* * *
By Marra PL Lanot (from her book, “Witch’s Dance at Iba Pang Tula sa Filipino at Español”)
España, como no te conozco
quiero conocer tus sierras
tus montañas, tus colinas.
Quiero saber las raíces de los árboles
que rezan en las cumbres.
Quiero conocer el otro páis
de nuestros héroes como Rizal y Luna,
la Mamá del pasado,
la Reina de Filipinas
que nunca nos abandonó.
Quiero entender los gritos de alegría
sobre la sangre de los pobrecitos toros.
Quiero oír las canciones de los gitanos,
comprender el fuego del flamenco.
Quiero ver las olas que abrazan las piedras
y escuchar el silencio de las estrellas.
Quiero saber el sello en el escudo
de los siglos después del perdido
de las armadas.
Quiero comprender porqué los colonizados
sueñan viajar a tu tierra
a pesar de la espada y de la cruz,
a pesar de todo.
* * *
Spain, as I do not know you,
I want to be acquainted with your mountain ranges,
Your mountains, your hills.
I want to know the roots of your trees
That pray at the summits.
I want to know the other country
Of our heroes like Rizal and Luna,
The Mother of the Past,
The Queen of the Philippines
Who never left us.
I want to understand the shouts of joy
Upon the blood of the poor bulls.
I want to hear the songs of the gypsies,
Understand the fire of flamenco.
I want to see the waves that embrace the stones
And listen to the silence of the stars.
< I want to know the seal on the coat of arms of the
after the loss of the armies> (?)
I want to understand why the colonized
Dream of traveling to your land
Despite of the sword and the cross,
Despite of everything.
“Despite of everything.” – I just think this is a perfect line to end the poem.
Yes, despite centuries of oppression and subjugation, bloodshed and coercion, why are we still attracted to our former colonizers? Why is there somewhat a sense of nostalgia lingering in the hearts and minds of the former colonies? And I am no longer limiting the discussion to Spain, but even to Japan, and most especially to US (who, according to historians, had actually treated the country worse than Spain did. Ironically, the US conquest is the one that is most likely to be forgotten by Filipinos.)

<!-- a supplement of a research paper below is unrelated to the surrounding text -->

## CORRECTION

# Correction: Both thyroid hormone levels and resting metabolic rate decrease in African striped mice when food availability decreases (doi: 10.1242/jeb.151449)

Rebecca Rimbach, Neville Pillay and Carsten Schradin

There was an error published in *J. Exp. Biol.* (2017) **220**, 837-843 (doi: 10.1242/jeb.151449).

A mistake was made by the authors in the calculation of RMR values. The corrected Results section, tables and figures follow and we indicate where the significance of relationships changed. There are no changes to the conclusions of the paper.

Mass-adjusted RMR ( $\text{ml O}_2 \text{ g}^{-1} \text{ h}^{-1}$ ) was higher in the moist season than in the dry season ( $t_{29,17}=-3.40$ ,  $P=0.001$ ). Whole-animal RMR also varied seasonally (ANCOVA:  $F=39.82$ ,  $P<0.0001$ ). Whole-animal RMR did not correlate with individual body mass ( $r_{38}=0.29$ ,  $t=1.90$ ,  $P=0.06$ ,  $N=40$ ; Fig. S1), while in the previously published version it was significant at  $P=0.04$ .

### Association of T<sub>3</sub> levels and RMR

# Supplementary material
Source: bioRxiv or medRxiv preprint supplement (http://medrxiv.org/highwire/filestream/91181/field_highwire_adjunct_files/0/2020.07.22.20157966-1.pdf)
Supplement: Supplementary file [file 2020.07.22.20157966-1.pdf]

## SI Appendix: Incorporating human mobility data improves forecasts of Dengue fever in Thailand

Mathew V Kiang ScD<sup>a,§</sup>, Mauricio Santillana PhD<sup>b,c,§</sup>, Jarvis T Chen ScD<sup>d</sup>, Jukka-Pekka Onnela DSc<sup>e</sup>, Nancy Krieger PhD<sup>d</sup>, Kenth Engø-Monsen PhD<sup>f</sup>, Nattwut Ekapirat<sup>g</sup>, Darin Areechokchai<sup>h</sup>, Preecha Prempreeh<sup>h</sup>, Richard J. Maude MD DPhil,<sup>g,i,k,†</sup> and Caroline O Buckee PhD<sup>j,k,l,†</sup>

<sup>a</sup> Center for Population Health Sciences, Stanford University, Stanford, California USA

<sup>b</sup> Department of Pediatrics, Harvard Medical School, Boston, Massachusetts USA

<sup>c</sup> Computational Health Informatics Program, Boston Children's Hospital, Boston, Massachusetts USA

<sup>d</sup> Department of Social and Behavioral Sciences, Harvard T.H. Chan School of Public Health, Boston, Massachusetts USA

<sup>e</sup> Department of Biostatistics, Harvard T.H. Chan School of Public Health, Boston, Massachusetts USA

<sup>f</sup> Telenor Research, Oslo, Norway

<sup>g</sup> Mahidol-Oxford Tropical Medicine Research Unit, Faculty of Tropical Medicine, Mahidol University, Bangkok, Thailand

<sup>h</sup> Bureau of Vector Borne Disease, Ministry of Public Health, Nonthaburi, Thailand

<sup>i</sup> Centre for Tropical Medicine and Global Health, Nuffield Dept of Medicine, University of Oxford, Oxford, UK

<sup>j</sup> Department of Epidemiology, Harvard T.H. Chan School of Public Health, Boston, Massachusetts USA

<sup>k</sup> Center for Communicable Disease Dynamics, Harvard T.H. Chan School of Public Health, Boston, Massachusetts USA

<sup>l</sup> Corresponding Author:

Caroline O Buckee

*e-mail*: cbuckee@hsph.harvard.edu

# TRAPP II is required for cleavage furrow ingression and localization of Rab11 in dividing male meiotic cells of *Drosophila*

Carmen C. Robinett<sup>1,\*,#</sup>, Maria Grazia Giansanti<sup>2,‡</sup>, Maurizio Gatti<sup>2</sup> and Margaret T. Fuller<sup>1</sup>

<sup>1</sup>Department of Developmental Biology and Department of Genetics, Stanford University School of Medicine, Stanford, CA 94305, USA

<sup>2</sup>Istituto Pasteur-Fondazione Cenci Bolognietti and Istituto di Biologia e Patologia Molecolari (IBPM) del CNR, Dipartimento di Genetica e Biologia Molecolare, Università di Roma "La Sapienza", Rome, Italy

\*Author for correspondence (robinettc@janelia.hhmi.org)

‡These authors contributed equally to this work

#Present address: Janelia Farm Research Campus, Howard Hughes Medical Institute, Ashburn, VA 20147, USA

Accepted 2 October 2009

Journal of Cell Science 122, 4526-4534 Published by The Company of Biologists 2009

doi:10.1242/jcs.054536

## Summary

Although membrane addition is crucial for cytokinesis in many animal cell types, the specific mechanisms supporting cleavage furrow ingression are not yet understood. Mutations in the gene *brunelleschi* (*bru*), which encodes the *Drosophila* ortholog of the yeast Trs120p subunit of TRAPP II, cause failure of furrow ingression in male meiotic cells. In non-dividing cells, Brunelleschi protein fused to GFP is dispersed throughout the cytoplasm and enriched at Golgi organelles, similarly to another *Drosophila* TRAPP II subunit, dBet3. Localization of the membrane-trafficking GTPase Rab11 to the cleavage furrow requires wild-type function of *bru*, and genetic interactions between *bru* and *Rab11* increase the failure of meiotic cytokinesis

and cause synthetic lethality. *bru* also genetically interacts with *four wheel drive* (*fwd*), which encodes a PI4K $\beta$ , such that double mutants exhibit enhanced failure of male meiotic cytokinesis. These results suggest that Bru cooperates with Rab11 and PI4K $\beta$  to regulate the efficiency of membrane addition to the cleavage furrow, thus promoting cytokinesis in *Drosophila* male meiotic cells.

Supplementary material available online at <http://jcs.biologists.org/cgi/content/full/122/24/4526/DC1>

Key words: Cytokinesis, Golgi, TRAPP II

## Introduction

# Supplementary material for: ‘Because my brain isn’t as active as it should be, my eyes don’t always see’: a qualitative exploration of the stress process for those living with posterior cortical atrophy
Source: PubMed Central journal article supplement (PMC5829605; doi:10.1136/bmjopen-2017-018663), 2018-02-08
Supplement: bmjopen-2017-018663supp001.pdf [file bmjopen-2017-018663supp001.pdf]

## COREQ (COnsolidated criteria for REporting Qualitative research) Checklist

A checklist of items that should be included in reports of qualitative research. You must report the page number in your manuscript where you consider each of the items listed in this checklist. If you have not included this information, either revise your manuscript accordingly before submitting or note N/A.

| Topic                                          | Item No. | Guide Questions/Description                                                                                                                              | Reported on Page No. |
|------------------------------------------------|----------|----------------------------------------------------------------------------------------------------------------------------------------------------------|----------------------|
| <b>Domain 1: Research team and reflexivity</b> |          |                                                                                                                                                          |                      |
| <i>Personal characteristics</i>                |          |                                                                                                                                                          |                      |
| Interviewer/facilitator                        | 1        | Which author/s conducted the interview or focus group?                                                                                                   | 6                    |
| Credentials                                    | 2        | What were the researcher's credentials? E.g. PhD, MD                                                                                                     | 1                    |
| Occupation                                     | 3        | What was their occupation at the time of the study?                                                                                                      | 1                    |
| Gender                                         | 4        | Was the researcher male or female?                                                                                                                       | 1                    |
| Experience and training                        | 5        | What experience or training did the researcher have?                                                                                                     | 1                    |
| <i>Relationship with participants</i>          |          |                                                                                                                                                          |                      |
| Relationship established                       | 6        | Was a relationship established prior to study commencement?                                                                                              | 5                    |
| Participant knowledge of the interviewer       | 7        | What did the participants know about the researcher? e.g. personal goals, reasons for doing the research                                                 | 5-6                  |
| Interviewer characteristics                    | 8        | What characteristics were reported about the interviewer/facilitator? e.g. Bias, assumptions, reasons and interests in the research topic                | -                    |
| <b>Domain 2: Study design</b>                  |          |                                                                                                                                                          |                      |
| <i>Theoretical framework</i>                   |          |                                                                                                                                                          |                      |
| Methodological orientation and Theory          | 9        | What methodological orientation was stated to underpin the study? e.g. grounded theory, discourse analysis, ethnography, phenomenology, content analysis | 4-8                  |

Now, several questions are filling my head:
1. Is there something more to historical connections to explain the attraction of a former colony towards a specific former colonizer or that is just about it?
2. Do a lot of Filipinos have a similar sentiment? How about with nationals of other former colonies? Do Mexicans also dream of seeing or further deepening their knowledge of Spain? How about the Congolese with France? Kenyans with UK? Indonesians with Holland? Koreans with Japan? (and the list goes on and on…)
3. Would it make a difference if the former colony is now developed or still a developing nation? If so, would the feeling of fascination or attraction be deeper with those in the developing / underdeveloped nations compared to those of the developed ones? For example, would Haitians feel the sentiment more than Canadians do? Somalis more than Australians? Or would it actually be more prominent with the developed countries? Or merely the same?
4. Do the nationals of the former colonizers share this same feeling towards the country of a former colony or is this attraction limited to the former colonies alone?
This then makes me wonder whether or not all the decolonized nations are already truly free from their colonizers.
* titled adapted from Gabriel Garcia Marquez’ book, “Of Love and Other Demons”